They get called groundhogs – they are really gophers

Friday, March 20 –
Groundhog Day setting in. The kids make a fort downstairs. I make energy balls. Bea isn’t feeling well – I think she thinks she has the virus. We cuddle a lot. I read an editorial in the NY Times about a mother who refuses to home-school her children. I wade through posts about free e-learning resources and try to get my head around the world going ‘online.’ I also email my boss at the school where I teach and tell her that I’m ready to come back to work early from sick leave and help out as we prepare to move into an e-learning platform. I make a delicious beef soup for dinner with the oxtail that my husband brought home from the grocery shop (all that was left in the meat department) and we watch another movie together, as has become our nightly ritual. Added to our nightly ritual is the completion of a gratitude journal. A gift that I was given when first diagnosed with cancer. As we settle in for a long haul of self-isolation, I fear that the weeks will get harder and that it will be harder to find things to be thankful for. I want to establish the habit of acknowledging the good things in life.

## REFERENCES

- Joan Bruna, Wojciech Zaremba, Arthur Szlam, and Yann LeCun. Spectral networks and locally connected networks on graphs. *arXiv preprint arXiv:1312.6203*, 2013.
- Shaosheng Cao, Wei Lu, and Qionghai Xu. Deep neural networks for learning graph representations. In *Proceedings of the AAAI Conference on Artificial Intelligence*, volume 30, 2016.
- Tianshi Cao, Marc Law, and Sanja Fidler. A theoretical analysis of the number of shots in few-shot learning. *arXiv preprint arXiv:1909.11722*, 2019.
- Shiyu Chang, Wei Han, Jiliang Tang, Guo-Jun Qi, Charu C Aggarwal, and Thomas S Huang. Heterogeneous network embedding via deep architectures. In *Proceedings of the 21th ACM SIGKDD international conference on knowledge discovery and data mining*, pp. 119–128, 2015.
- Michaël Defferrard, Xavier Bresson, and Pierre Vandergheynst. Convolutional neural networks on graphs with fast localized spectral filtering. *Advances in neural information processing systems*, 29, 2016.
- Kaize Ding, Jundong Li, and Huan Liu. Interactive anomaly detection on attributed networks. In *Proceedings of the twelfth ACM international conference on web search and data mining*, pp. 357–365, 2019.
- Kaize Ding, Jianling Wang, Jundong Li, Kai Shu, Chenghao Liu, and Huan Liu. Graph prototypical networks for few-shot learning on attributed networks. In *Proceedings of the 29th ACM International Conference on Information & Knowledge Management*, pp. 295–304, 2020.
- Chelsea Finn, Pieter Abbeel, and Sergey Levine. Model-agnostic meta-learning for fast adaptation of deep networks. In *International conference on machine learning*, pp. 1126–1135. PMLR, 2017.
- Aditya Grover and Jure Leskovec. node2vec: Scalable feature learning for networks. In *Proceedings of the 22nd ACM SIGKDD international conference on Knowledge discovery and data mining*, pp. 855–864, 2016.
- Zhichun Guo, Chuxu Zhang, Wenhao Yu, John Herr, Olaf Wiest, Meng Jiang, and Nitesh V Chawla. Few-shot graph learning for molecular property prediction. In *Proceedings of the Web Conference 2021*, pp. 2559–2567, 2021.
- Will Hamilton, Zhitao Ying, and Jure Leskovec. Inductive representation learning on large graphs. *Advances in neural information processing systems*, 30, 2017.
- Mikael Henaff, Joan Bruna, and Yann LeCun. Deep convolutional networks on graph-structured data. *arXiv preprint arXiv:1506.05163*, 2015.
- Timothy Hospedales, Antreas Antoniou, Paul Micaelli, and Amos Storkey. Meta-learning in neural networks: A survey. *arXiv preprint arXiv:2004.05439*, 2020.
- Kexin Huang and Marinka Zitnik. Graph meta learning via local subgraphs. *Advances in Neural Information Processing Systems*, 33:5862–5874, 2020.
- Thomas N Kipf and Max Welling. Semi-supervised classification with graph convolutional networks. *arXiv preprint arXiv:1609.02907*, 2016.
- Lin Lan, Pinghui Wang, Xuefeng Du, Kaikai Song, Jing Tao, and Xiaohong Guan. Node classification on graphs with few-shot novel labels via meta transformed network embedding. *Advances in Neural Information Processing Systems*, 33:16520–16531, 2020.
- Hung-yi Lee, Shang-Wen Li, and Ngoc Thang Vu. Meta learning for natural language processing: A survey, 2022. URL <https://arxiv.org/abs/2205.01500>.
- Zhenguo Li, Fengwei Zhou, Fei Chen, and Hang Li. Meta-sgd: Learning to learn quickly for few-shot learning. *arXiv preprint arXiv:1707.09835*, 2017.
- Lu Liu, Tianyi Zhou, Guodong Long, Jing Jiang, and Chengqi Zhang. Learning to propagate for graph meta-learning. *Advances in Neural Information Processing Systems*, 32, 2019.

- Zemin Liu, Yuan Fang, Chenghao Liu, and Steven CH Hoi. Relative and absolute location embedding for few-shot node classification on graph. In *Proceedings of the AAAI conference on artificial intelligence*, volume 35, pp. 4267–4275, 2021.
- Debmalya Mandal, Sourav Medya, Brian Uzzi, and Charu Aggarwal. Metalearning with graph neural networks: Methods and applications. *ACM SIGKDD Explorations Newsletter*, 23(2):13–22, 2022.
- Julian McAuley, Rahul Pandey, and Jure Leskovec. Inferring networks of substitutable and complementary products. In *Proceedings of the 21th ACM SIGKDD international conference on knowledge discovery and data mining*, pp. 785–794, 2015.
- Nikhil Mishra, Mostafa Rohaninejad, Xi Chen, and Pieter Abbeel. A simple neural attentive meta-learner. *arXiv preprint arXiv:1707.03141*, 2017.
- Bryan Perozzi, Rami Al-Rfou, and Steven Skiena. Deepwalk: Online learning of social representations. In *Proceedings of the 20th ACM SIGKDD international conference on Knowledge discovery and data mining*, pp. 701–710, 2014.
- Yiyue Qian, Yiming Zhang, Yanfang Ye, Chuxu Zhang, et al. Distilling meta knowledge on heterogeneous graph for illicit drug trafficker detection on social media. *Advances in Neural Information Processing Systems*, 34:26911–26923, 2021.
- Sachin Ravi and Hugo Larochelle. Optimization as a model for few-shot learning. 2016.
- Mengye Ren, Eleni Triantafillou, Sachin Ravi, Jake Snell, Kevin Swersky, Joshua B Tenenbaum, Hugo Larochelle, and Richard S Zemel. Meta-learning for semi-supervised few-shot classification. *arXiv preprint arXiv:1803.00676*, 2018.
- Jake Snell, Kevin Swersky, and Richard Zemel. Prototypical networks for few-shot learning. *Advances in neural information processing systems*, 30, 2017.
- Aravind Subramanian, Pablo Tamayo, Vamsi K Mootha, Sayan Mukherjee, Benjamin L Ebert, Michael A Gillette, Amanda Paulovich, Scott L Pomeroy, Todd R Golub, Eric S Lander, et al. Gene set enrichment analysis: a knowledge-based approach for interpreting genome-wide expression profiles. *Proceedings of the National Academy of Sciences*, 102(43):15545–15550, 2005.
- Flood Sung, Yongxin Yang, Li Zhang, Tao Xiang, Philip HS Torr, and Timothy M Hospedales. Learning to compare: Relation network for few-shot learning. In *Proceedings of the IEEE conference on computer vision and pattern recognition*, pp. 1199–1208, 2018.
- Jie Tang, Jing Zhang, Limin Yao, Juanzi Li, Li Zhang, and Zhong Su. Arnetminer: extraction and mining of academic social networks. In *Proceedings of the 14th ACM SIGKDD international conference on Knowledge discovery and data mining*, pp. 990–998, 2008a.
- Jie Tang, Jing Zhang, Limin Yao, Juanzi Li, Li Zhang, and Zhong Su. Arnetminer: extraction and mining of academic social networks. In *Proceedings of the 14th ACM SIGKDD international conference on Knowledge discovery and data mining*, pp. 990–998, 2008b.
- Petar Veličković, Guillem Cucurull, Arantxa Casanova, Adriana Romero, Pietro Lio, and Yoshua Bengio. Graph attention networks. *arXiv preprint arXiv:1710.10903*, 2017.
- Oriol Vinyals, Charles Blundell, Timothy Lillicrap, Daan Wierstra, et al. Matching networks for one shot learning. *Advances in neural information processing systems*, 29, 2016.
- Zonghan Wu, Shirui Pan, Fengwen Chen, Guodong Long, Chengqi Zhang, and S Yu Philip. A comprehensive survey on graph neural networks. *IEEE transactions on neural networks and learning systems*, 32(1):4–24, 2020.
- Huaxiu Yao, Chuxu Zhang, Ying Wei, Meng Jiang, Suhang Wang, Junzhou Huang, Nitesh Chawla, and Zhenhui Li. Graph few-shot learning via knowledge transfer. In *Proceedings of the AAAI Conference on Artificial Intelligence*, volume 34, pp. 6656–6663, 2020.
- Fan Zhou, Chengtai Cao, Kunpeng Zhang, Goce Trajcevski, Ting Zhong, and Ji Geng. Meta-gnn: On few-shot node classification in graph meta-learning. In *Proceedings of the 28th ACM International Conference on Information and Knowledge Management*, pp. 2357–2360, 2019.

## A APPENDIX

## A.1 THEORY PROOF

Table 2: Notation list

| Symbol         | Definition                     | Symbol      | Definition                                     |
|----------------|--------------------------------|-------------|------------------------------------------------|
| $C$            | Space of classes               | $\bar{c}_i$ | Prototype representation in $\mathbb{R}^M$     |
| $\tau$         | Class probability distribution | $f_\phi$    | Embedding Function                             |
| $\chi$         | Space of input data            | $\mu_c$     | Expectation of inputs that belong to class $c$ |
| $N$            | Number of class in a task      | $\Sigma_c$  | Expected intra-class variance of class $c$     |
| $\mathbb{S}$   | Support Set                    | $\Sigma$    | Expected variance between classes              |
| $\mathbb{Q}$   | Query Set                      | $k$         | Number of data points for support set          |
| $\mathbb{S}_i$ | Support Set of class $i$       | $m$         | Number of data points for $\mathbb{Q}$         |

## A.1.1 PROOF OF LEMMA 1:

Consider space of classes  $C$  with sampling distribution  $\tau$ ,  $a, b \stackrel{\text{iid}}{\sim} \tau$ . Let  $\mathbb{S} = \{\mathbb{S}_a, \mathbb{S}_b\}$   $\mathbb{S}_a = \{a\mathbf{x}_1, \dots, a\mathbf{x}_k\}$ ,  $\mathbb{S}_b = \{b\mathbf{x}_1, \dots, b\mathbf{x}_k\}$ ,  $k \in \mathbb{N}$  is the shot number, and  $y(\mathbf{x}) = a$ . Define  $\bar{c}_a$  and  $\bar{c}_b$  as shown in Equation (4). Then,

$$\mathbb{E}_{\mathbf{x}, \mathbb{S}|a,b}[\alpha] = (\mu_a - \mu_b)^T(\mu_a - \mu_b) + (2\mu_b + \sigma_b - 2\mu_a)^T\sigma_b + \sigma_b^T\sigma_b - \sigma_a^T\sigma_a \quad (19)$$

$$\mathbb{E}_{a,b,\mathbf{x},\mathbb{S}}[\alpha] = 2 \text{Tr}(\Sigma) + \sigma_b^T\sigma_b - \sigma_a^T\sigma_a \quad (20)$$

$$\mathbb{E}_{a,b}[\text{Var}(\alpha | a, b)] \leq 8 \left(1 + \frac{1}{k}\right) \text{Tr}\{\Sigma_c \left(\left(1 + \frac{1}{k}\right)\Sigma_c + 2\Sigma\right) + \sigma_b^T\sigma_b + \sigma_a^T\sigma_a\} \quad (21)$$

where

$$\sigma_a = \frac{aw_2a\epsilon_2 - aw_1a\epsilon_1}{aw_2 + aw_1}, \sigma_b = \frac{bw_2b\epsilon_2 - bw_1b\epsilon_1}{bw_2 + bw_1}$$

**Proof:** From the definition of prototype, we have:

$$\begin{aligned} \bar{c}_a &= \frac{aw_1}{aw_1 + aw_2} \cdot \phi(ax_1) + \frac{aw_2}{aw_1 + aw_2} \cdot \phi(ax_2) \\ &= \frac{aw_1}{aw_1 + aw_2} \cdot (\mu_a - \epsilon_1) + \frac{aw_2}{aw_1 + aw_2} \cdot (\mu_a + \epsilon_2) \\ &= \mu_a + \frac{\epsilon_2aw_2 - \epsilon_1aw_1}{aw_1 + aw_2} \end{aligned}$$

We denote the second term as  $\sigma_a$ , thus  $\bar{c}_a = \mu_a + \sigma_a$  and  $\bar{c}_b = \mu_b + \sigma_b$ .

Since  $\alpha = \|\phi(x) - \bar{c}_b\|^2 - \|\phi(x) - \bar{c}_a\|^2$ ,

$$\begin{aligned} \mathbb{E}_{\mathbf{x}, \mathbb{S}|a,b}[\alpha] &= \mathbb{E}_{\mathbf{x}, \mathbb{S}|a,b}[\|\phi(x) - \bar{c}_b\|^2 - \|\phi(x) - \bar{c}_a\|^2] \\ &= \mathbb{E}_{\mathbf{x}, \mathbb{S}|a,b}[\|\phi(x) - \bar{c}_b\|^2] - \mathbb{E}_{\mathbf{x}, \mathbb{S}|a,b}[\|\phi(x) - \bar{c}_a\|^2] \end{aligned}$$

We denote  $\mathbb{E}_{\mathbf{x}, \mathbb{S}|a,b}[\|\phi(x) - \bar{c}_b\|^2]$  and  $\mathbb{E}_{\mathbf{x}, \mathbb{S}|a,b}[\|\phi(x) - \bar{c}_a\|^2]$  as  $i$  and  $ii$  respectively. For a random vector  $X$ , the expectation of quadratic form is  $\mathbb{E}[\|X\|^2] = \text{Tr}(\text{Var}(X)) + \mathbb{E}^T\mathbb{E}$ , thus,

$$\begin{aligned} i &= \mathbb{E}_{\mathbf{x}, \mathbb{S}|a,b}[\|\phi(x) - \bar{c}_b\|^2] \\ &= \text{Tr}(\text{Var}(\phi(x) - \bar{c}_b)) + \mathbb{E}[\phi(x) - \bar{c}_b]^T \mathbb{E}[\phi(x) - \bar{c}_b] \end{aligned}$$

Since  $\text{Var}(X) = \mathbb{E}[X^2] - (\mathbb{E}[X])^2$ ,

On Friday Ashley Worobec, a Mother of two children and a long distance marathon runner will take us through how she is handling the day with the kids home.

graphic coping redCoping with COVID & the kids is a collaborative effort between three women and the wider community.  The group will “prime the pump” with ideas from their experiences; we invite readers to use the comments section at the end of each feature to add their own ideas.


Related news story:Get-Gaz-yellow-1

Helping parents to deal with kids who are now at home – all the time.


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2 comments to A mother’s journal of her first week of self-isolation with Leo, 8 and Bea, 6

  • Judy-Anne

    It’s so refreshing to hear of your courage and honesty – you’re a wonderful mother who is going through unprecedented times. Key words are “going through”. So pleased to hear the resources you are using. You got this.

  • What a great encouragement to parents and grandparents alike in these times.